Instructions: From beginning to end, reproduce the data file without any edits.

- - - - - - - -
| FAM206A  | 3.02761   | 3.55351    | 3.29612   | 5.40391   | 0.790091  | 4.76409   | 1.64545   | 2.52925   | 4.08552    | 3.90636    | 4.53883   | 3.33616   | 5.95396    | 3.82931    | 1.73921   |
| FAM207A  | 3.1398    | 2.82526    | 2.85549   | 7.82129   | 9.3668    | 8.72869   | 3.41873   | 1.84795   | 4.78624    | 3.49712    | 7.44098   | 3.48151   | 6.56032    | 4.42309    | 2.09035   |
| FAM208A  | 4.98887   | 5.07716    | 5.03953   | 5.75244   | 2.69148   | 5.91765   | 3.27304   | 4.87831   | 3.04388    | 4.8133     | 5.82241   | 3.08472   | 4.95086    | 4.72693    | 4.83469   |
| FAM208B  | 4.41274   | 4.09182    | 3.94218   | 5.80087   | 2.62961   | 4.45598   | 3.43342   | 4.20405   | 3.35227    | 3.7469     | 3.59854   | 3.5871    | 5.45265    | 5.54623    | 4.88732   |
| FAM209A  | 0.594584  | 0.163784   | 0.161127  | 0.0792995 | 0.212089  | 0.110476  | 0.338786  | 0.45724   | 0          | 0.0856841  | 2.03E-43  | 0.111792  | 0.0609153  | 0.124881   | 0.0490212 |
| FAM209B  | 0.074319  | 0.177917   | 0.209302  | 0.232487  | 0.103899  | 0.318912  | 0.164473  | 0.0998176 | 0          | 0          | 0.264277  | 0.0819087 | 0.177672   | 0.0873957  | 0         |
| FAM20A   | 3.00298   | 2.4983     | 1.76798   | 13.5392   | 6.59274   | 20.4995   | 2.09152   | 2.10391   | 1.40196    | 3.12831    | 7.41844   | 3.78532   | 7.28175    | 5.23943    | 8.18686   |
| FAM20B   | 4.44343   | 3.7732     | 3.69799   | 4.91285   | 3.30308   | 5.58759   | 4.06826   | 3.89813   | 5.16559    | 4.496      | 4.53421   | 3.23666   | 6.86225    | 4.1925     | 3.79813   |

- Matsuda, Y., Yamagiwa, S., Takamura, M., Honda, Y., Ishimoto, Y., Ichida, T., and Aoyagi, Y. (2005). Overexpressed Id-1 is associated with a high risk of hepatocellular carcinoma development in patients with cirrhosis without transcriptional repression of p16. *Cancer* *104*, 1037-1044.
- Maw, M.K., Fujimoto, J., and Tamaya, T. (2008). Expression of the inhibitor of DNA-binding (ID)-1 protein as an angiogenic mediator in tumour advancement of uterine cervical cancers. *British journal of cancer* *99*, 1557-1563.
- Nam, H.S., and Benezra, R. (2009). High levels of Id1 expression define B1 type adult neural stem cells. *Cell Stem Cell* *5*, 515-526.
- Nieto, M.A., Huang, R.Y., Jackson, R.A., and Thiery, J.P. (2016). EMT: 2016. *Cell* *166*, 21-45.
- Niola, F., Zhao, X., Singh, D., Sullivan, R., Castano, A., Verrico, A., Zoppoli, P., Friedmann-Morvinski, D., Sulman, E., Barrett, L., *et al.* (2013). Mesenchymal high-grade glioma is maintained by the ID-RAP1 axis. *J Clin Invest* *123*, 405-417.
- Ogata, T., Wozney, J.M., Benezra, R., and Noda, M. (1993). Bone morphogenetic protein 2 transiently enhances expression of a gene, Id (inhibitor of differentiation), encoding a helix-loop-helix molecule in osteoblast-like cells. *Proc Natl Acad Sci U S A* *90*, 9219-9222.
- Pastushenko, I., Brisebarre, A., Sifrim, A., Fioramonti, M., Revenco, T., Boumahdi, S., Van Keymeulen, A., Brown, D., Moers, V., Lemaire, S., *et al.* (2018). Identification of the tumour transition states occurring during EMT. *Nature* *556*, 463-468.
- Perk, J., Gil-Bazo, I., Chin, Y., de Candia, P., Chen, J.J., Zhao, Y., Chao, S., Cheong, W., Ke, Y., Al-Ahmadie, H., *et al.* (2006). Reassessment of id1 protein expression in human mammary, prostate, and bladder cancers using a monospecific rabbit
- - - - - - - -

| FAM206A  | 3.02761   | 3.55351    | 3.29612   | 5.40391   | 0.790091  | 4.76409   | 1.64545   | 2.52925   | 4.08552    | 3.90636    | 4.53883   | 3.33616   | 5.95396    | 3.82931    | 1.73921   |
| FAM207A  | 3.1398    | 2.82526    | 2.85549   | 7.82129   | 9.3668    | 8.72869   | 3.41873   | 1.84795   | 4.78624    | 3.49712    | 7.44098   | 3.48151   | 6.56032    | 4.42309    | 2.09035   |
| FAM208A  | 4.98887   | 5.07716    | 5.03953   | 5.75244   | 2.69148   | 5.91765   | 3.27304   | 4.87831   | 3.04388    | 4.8133     | 5.82241   | 3.08472   | 4.95086    | 4.72693    | 4.83469   |
| FAM208B  | 4.41274   | 4.09182    | 3.94218   | 5.80087   | 2.62961   | 4.45598   | 3.43342   | 4.20405   | 3.35227    | 3.7469     | 3.59854   | 3.5871    | 5.45265    | 5.54623    | 4.88732   |
| FAM209A  | 0.594584  | 0.163784   | 0.161127  | 0.0792995 | 0.212089  | 0.110476  | 0.338786  | 0.45724   | 0          | 0.0856841  | 2.03E-43  | 0.111792  | 0.0609153  | 0.124881   | 0.0490212 |
| FAM209B  | 0.074319  | 0.177917   | 0.209302  | 0.232487  | 0.103899  | 0.318912  | 0.164473  | 0.0998176 | 0          | 0          | 0.264277  | 0.0819087 | 0.177672   | 0.0873957  | 0         |
| FAM20A   | 3.00298   | 2.4983     | 1.76798   | 13.5392   | 6.59274   | 20.4995   | 2.09152   | 2.10391   | 1.40196    | 3.12831    | 7.41844   | 3.78532   | 7.28175    | 5.23943    | 8.18686   |
| FAM20B   | 4.44343   | 3.7732     | 3.69799   | 4.91285   | 3.30308   | 5.58759   | 4.06826   | 3.89813   | 5.16559    | 4.496      | 4.53421   | 3.23666   | 6.86225    | 4.1925     | 3.79813   |

- Matsuda, Y., Yamagiwa, S., Takamura, M., Honda, Y., Ishimoto, Y., Ichida, T., and Aoyagi, Y. (2005). Overexpressed Id-1 is associated with a high risk of hepatocellular carcinoma development in patients with cirrhosis without transcriptional repression of p16. *Cancer* *104*, 1037-1044.
- Maw, M.K., Fujimoto, J., and Tamaya, T. (2008). Expression of the inhibitor of DNA-binding (ID)-1 protein as an angiogenic mediator in tumour advancement of uterine cervical cancers. *British journal of cancer* *99*, 1557-1563.
- Nam, H.S., and Benezra, R. (2009). High levels of Id1 expression define B1 type adult neural stem cells. *Cell Stem Cell* *5*, 515-526.
- Nieto, M.A., Huang, R.Y., Jackson, R.A., and Thiery, J.P. (2016). EMT: 2016. *Cell* *166*, 21-45.
- Niola, F., Zhao, X., Singh, D., Sullivan, R., Castano, A., Verrico, A., Zoppoli, P., Friedmann-Morvinski, D., Sulman, E., Barrett, L., *et al.* (2013). Mesenchymal high-grade glioma is maintained by the ID-RAP1 axis. *J Clin Invest* *123*, 405-417.
- Ogata, T., Wozney, J.M., Benezra, R., and Noda, M. (1993). Bone morphogenetic protein 2 transiently enhances expression of a gene, Id (inhibitor of differentiation), encoding a helix-loop-helix molecule in osteoblast-like cells. *Proc Natl Acad Sci U S A* *90*, 9219-9222.
- Pastushenko, I., Brisebarre, A., Sifrim, A., Fioramonti, M., Revenco, T., Boumahdi, S., Van Keymeulen, A., Brown, D., Moers, V., Lemaire, S., *et al.* (2018). Identification of the tumour transition states occurring during EMT. *Nature* *556*, 463-468.
- Perk, J., Gil-Bazo, I., Chin, Y., de Candia, P., Chen, J.J., Zhao, Y., Chao, S., Cheong, W., Ke, Y., Al-Ahmadie, H., *et al.* (2006). Reassessment of id1 protein expression in human mammary, prostate, and bladder cancers using a monospecific rabbit